Skip to main content

25 Things to Do Near the Metropolitan Museum of Art

(updated) Sitting on the steps in front of the Metropolitan Museum of Art is one of those iconic things to do in New York City. On a sunny day, the wide steps can become crowded with the young and old, the tourist and the resident. It's tempting to stay awhile and soak in the sun and the sights. Everyone has reasons for lingering there, with one being the shared pleasure of people watching along this expansive stretch of Fifth Avenue, a painting come to life. Certainly, just getting off one's feet for a moment is welcome, especially if the previous hours involved walking through the entirety of art history from prehistoric to the contemporary.

The entrance to the Metropolitan Museum of Art, Fifth Avenue

The Metropolitan Museum of Art should be a singular pilgrimage, uninterrupted by feeble attempts to take in more exhibitions along Museum Mile. Pity the poor visitor who tries "to do" multiple museum exhibitions in one day, albeit ambitious, noble, and uplifting. Like the city itself, a place of too many possibilities that can often paralyze decision-making (i.e. "Where do you want to go to dinner?" "I don't know" "Let's eat leftovers") , a satisfactory stroll through the Met necessitates editing out certain galleries and saving them for another day.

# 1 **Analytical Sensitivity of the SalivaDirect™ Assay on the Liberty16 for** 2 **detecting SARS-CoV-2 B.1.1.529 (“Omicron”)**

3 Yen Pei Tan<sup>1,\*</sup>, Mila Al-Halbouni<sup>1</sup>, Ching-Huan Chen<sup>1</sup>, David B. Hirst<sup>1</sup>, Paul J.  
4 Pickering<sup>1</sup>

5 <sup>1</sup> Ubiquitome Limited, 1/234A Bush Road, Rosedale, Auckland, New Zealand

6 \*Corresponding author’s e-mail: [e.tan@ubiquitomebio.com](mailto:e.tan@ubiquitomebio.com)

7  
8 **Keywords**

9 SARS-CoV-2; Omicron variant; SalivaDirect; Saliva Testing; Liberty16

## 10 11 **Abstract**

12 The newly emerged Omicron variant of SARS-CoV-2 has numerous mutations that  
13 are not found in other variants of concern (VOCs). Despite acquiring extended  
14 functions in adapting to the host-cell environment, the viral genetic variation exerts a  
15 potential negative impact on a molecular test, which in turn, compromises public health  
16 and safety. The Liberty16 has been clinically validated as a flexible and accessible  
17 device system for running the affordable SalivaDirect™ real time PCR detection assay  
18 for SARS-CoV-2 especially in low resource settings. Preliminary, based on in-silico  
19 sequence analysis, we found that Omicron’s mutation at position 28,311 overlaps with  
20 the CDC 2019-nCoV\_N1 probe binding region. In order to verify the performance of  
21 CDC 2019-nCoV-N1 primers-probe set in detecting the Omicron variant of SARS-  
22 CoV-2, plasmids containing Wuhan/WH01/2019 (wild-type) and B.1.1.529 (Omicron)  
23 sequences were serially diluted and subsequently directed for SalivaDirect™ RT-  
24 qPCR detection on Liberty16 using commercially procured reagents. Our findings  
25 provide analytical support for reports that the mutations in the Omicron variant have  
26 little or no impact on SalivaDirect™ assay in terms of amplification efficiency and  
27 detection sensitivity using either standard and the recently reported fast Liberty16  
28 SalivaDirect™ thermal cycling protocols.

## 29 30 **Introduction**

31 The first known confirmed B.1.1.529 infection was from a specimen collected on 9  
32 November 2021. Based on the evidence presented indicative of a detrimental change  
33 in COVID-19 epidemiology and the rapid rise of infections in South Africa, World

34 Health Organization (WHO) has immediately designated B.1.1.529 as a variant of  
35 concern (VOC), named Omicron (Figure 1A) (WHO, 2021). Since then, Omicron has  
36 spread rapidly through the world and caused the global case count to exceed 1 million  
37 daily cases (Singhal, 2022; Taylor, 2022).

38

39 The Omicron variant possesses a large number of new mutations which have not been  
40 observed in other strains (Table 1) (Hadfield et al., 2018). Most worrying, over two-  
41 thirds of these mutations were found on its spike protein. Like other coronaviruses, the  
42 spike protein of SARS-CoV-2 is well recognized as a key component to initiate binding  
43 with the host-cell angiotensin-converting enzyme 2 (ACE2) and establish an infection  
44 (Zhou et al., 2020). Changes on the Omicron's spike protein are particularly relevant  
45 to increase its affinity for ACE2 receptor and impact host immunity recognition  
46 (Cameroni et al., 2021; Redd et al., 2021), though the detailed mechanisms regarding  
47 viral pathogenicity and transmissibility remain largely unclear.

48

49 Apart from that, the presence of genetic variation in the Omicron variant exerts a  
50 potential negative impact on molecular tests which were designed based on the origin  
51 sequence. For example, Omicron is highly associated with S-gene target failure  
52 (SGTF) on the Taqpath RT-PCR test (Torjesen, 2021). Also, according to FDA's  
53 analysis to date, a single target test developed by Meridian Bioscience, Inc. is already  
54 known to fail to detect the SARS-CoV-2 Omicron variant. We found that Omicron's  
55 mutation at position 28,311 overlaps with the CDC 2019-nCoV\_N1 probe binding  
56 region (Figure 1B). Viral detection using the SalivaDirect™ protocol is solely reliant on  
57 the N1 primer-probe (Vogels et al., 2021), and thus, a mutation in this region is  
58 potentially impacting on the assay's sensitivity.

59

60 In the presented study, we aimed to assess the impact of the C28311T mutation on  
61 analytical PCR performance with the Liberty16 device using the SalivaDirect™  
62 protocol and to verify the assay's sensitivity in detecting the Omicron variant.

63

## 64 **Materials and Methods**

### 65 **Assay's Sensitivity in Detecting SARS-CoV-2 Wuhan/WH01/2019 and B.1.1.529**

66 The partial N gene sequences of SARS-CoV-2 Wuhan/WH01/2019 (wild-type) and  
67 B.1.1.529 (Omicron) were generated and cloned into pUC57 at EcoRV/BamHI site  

While a time-demanding pleasure palace, the Met is still within easy walking distance of many other spots, some of which involve great coffee, nature, books, sumptuous architecture, and world-class cocktails.

So, when you find yourself sitting on the steps at the Met, recognize that many opportunities await nearby. Behind you to the west are treasures within the great leafy expanse of Central Park - the Ramble and the Shakespeare Garden, among them. In your line of sight, stare ahead at East 82nd Street and think about getting up to look at the mansion on the corner. Know, too, that within a block or so from here, formally-dressed bartenders are polishing their counters and ready to take your order.

Please don't attempt all 25 of the following things in one outing. Choose maybe three or four of them in combination with the museum. Curate thyself. Or, as they say where I grew up - be particular.

1009 Fifth Ave and 82nd St. 1899-1901


25 Things to Do Near the Metropolitan Museum of Art

1. Metropolitan Museum Historic District. East side of 5th Avenue from E. 78th to E. 86th St. through Fifth and Madison Avenues (approx.) Fans of Beaux-Arts architecture, with its neoclassical riffs on Gothic, Renaissance, Romanesque, and other varieties, will enjoy looking at the many bas-reliefs, classical ornaments, and balustrades throughout the district.